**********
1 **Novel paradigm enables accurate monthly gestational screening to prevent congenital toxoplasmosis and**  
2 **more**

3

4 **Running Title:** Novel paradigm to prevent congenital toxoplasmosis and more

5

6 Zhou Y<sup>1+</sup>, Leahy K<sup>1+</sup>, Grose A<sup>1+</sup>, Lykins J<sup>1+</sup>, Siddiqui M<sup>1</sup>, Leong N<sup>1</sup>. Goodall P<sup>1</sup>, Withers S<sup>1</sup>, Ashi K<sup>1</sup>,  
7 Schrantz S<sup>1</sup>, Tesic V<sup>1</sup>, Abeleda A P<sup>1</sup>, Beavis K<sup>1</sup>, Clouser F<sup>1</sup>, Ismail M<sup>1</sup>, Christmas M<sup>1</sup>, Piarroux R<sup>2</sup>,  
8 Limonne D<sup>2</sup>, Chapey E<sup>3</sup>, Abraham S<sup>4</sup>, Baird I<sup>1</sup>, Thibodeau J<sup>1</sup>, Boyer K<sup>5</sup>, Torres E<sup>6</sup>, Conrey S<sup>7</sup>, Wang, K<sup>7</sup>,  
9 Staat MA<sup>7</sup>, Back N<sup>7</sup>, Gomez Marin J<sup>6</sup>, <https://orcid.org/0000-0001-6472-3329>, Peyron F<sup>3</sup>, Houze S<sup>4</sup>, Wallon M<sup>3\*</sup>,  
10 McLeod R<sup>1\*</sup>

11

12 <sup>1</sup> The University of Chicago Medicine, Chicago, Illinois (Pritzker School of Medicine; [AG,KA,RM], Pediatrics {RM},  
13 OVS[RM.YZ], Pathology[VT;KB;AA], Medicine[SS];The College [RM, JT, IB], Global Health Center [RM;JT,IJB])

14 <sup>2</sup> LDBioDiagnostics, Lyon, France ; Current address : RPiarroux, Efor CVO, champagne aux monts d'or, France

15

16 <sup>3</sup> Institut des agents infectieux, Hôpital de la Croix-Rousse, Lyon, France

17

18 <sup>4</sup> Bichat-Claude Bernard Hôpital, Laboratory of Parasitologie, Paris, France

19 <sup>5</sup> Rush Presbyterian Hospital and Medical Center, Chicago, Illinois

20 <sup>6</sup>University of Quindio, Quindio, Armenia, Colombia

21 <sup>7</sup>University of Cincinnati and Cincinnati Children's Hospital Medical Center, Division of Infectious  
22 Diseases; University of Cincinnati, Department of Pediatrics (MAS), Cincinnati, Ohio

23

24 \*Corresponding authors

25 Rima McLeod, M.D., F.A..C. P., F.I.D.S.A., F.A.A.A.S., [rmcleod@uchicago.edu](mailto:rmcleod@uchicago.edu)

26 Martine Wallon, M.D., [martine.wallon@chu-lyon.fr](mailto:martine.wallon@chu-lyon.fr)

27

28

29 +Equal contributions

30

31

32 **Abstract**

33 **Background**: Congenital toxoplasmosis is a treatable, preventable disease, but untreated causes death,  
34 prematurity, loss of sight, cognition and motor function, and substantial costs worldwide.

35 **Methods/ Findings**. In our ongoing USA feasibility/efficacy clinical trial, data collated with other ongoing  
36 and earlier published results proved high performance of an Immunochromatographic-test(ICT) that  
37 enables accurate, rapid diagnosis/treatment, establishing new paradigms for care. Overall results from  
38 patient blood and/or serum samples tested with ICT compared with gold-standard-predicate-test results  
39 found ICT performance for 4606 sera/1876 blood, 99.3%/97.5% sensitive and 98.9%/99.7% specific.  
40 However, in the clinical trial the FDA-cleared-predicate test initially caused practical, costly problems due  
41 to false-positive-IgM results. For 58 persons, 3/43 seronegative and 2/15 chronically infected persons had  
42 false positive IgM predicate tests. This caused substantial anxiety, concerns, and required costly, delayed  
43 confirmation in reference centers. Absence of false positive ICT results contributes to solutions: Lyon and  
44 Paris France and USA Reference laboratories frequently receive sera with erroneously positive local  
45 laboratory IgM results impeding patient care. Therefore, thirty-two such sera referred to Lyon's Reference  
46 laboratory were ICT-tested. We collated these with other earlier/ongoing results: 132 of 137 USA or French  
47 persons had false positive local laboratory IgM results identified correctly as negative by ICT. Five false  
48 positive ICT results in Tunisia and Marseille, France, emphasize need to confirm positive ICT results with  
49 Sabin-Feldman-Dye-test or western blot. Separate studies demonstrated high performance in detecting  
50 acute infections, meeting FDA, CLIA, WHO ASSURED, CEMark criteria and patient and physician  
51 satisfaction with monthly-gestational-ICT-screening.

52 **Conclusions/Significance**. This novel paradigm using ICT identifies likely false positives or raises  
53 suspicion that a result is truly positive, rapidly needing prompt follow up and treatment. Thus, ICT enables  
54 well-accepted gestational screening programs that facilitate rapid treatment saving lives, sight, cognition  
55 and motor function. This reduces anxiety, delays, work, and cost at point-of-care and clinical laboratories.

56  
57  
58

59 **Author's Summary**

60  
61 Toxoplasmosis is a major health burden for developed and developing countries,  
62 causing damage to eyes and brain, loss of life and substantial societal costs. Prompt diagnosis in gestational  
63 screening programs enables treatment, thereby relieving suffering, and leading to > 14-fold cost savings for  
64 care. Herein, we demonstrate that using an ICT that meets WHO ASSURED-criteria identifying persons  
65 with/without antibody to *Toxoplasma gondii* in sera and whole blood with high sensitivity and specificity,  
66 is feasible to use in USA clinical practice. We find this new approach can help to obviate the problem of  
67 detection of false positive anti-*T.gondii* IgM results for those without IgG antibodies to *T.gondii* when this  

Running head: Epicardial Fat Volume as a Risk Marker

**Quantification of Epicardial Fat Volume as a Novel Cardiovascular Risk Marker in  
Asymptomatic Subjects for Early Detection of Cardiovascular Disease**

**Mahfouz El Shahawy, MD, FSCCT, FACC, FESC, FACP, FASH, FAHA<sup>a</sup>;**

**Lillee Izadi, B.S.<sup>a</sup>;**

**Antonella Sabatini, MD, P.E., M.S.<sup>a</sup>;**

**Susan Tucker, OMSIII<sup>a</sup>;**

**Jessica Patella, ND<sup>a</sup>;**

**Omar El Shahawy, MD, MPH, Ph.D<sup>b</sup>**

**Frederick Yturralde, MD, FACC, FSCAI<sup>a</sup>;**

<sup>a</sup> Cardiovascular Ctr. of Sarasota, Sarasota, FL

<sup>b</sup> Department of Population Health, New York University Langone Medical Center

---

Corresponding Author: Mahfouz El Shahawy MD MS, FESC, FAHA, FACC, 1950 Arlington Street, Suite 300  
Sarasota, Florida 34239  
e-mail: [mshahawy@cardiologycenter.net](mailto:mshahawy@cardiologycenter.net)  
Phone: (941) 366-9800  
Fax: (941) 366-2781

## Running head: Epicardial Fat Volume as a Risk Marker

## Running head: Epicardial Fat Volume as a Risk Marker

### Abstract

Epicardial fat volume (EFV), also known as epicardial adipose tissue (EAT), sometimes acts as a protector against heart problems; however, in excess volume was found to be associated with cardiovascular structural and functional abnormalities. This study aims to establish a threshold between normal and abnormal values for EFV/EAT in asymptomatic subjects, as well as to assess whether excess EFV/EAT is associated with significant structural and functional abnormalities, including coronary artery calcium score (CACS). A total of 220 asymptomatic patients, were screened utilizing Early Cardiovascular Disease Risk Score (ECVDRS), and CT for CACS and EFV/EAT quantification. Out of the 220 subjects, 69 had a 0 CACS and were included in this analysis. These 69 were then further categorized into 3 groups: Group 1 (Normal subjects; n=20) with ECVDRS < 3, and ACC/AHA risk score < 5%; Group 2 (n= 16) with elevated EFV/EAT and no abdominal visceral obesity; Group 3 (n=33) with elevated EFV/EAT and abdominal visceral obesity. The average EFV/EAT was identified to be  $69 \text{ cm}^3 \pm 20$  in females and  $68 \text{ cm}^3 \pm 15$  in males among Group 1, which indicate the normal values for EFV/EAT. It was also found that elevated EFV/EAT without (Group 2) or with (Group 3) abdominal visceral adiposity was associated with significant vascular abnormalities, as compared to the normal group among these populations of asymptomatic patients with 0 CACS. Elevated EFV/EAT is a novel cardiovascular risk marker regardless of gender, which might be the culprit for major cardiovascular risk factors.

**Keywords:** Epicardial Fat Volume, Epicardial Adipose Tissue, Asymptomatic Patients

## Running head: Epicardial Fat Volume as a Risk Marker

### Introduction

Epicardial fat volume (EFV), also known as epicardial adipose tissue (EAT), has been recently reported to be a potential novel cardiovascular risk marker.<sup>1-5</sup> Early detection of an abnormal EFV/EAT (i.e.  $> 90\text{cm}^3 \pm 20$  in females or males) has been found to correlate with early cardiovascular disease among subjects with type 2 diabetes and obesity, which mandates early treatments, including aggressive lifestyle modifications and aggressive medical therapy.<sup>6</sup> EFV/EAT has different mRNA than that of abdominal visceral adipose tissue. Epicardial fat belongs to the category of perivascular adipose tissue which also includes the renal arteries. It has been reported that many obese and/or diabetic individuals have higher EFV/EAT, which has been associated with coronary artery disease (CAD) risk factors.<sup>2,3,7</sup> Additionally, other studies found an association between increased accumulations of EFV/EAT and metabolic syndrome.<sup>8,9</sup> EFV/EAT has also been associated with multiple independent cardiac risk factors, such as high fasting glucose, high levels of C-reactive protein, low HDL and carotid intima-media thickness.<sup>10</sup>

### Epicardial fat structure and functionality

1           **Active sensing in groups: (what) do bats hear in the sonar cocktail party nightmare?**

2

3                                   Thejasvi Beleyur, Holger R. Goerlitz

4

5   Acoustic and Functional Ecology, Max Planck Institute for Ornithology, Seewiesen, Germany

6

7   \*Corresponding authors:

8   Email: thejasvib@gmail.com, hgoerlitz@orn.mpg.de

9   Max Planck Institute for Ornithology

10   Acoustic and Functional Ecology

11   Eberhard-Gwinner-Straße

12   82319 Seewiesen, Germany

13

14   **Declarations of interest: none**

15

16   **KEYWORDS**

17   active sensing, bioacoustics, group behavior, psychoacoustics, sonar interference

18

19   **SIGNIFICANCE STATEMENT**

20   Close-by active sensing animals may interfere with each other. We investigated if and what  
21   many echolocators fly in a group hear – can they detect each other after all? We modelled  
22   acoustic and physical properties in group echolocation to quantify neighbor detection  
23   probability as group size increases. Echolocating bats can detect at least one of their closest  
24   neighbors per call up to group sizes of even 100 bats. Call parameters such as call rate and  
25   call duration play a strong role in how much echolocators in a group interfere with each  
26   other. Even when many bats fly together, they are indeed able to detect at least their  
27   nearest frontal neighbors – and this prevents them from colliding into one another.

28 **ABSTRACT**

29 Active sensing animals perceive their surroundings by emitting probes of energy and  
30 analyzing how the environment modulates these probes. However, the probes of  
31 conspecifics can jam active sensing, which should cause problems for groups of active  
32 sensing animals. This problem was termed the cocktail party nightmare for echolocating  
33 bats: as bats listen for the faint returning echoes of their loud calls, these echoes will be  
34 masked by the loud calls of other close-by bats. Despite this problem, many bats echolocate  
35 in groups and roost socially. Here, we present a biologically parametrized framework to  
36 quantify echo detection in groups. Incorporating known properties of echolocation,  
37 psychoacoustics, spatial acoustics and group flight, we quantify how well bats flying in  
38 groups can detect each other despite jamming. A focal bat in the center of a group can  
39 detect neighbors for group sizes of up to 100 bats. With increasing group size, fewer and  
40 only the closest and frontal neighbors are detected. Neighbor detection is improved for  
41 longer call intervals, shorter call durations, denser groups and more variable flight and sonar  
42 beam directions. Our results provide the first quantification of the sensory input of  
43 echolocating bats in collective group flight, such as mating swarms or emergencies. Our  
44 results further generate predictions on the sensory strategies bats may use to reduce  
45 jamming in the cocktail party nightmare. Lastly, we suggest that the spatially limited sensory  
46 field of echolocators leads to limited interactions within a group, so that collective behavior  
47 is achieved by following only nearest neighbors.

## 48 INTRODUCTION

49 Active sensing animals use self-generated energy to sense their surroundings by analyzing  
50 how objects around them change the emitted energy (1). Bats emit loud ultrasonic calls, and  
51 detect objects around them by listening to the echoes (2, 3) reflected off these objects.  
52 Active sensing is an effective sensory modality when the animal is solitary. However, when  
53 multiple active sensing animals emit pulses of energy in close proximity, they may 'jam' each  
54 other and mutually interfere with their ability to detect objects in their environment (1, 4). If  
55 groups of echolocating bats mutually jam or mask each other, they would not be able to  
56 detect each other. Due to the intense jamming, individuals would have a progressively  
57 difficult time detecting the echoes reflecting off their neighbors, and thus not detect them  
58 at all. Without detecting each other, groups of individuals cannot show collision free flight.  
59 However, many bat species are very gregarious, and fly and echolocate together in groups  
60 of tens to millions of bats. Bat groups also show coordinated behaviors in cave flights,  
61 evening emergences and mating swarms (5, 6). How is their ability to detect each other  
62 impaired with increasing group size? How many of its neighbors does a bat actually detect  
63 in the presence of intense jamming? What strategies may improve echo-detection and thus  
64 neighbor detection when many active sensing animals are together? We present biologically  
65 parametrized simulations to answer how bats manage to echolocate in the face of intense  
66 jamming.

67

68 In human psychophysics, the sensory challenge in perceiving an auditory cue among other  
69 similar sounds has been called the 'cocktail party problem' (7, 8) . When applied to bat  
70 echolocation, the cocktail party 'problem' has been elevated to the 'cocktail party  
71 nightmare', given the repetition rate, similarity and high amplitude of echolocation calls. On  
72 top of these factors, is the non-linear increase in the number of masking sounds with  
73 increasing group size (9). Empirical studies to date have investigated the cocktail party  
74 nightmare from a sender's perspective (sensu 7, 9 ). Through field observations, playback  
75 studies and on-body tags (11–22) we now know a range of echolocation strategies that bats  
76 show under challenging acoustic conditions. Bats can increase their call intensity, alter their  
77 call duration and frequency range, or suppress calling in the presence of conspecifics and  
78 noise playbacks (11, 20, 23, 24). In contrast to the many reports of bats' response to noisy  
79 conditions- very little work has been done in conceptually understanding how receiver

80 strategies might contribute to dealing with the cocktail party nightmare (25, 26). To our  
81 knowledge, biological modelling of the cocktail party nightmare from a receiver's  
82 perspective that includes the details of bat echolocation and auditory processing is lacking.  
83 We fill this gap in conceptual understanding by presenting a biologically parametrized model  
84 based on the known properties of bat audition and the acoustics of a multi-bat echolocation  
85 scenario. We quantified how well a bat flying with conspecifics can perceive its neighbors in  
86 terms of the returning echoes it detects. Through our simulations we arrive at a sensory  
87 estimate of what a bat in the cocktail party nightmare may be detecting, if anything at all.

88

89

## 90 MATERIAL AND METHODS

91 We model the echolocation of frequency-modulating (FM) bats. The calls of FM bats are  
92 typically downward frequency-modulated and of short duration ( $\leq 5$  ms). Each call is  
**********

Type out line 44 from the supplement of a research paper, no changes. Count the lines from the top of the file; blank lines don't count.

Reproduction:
44 Paris France and USA Reference laboratories frequently receive sera with erroneously positive local  